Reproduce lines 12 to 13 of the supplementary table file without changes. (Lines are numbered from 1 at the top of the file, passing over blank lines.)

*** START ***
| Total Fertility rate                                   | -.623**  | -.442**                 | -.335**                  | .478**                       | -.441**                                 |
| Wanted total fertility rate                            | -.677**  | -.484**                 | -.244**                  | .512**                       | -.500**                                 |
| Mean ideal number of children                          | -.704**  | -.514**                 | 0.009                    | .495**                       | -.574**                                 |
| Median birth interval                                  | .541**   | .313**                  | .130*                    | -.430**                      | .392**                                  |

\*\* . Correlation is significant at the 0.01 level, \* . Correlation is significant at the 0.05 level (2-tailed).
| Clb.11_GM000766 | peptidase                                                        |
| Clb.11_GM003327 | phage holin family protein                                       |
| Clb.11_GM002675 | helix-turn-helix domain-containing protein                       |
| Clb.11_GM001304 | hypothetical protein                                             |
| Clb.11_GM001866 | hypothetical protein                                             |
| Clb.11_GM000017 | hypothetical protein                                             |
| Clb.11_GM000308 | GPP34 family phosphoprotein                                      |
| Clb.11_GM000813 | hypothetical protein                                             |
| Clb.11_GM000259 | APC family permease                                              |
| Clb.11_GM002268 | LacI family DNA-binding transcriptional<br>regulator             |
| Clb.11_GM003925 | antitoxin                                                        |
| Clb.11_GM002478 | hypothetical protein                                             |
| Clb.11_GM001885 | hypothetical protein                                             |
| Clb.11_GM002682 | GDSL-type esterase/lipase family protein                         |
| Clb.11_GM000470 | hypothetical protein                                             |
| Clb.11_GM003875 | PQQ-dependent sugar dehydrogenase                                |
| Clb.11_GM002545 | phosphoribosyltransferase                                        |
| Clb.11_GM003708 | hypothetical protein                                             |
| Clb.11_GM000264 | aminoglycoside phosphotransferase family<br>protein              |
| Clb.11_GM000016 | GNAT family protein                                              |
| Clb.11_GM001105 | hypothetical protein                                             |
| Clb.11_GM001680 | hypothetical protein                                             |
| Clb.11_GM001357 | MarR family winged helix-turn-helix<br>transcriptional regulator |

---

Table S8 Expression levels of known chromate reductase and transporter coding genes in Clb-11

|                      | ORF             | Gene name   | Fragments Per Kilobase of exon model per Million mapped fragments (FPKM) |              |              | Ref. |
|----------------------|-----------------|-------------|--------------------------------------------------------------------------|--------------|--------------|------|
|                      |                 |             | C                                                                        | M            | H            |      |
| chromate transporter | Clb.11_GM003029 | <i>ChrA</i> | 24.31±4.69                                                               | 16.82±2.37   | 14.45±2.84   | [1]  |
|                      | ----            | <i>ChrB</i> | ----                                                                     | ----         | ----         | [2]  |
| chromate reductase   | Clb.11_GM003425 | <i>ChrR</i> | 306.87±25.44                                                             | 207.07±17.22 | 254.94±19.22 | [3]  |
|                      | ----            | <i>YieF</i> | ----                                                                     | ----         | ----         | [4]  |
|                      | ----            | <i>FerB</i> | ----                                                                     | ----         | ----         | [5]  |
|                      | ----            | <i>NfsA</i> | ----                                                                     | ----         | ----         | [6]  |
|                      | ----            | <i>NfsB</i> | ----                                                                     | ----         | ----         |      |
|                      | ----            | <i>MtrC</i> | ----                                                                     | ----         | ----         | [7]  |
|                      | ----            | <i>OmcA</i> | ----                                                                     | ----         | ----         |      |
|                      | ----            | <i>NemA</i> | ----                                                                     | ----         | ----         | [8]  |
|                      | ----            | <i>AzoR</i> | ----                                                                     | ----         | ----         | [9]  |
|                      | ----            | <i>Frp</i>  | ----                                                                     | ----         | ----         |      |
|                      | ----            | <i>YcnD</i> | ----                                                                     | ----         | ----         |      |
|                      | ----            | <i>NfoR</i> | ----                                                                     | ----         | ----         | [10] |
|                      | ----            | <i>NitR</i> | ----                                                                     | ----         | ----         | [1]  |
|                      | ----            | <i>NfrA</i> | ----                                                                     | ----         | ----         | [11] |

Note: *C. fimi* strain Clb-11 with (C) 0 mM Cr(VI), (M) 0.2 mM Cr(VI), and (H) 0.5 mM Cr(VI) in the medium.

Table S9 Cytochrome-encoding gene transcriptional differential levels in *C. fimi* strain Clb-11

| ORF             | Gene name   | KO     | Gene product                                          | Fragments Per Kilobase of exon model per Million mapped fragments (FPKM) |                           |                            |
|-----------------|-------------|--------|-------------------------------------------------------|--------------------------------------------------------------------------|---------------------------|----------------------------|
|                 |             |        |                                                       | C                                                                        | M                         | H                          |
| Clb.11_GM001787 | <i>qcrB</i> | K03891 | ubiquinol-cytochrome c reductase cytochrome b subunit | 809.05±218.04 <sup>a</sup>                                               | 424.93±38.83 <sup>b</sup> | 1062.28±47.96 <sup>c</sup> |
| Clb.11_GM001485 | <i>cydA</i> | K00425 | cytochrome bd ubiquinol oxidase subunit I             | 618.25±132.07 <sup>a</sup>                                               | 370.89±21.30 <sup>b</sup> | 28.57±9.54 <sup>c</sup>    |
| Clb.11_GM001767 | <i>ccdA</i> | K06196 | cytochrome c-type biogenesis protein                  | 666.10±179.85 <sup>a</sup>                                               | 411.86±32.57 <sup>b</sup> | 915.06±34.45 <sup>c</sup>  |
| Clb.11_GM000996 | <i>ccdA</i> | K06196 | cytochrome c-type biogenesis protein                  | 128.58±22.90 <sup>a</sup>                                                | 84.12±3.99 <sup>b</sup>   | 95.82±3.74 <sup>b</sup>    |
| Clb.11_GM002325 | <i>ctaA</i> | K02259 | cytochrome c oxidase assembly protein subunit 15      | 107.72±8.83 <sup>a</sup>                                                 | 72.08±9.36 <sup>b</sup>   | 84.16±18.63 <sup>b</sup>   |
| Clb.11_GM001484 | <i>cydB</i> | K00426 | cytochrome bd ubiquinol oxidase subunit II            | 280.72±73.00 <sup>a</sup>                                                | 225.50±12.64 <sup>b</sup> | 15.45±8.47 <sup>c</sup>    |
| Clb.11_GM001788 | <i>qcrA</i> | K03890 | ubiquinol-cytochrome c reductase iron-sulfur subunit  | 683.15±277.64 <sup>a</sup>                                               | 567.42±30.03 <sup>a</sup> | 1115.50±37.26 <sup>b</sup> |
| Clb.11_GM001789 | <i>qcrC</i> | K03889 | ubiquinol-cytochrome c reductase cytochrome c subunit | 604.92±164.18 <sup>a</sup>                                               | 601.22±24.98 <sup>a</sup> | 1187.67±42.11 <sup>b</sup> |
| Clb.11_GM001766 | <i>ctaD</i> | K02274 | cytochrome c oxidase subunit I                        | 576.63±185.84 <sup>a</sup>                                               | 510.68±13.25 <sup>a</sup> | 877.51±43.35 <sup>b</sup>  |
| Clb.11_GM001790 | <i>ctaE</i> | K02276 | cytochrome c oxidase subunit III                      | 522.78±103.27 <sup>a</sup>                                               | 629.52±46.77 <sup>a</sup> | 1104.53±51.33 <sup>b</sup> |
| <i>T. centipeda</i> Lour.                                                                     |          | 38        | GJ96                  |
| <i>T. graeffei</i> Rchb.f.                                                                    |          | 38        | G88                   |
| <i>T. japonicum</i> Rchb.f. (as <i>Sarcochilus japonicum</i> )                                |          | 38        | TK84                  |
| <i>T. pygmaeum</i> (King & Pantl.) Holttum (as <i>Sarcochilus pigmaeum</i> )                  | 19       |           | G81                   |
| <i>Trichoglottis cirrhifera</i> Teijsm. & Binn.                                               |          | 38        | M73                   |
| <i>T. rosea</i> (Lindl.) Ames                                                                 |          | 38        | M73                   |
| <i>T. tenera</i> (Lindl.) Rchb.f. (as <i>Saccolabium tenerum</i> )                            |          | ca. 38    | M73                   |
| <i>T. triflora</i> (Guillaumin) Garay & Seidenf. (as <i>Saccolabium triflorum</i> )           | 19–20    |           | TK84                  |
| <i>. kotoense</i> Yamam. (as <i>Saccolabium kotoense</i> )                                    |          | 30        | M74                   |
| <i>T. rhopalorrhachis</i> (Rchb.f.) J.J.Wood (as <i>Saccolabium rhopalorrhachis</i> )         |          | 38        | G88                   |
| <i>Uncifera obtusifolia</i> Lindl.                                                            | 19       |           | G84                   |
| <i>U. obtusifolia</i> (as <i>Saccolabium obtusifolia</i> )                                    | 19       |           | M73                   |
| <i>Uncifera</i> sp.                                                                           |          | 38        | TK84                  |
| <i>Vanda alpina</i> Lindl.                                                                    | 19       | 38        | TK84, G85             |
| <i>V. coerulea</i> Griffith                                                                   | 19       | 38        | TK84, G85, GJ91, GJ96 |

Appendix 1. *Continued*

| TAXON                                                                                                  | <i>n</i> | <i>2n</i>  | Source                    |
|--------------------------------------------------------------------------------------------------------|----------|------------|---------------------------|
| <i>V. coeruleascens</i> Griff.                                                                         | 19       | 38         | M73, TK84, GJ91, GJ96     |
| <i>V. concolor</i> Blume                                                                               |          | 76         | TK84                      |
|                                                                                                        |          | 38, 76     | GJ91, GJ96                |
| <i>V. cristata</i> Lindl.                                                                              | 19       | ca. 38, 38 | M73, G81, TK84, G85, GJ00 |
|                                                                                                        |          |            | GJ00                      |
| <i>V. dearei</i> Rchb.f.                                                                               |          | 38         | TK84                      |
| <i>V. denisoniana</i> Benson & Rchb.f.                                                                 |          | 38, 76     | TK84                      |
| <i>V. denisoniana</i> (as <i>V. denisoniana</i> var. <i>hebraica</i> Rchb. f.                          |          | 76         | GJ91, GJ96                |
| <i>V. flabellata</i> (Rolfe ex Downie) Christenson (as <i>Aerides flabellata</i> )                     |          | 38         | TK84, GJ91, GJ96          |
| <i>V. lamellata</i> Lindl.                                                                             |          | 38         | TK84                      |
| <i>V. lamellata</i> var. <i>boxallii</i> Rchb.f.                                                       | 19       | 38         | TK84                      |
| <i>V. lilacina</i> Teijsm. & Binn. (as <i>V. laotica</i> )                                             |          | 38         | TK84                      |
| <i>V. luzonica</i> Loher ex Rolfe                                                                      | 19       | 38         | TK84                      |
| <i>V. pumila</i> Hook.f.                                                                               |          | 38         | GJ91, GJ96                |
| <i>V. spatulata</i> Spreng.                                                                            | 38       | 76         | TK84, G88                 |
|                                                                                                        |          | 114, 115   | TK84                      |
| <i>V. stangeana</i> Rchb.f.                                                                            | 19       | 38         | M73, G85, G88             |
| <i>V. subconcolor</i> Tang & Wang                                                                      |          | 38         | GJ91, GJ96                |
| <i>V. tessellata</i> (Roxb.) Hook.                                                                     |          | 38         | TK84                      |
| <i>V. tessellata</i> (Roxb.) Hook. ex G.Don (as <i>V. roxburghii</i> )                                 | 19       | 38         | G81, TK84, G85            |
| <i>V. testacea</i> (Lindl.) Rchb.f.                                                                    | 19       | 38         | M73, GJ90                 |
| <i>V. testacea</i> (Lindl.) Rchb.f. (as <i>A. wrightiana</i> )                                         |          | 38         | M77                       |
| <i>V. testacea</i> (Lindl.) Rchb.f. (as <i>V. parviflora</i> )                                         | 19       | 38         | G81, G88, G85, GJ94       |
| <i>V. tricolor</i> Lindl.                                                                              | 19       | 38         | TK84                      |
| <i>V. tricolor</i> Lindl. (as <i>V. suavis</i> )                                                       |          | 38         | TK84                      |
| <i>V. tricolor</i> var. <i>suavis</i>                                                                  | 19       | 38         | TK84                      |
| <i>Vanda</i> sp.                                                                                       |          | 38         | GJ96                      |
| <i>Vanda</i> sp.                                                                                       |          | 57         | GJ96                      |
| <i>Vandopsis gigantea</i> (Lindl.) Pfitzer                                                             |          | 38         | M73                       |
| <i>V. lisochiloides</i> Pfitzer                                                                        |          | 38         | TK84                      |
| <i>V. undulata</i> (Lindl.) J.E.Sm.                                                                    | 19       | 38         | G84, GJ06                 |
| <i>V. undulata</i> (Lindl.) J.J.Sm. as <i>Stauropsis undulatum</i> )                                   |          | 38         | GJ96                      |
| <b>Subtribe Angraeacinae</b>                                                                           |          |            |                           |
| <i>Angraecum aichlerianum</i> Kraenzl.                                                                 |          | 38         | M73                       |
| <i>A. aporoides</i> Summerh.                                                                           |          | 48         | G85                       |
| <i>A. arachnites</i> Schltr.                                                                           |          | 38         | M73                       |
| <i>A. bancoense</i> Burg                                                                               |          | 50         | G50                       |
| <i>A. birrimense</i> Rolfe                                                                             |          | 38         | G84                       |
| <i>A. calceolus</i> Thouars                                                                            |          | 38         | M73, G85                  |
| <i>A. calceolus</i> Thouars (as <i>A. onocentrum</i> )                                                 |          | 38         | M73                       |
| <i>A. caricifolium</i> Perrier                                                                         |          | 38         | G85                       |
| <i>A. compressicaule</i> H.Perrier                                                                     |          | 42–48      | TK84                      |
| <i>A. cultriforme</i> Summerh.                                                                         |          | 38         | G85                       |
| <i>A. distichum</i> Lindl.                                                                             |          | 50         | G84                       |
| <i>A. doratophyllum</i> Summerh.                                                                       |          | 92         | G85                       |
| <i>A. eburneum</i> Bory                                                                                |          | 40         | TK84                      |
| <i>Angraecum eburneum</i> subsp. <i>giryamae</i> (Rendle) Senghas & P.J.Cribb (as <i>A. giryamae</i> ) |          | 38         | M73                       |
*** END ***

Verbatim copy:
| Clb.11_GM000308 | GPP34 family phosphoprotein                                      |
| Clb.11_GM000813 | hypothetical protein                                             |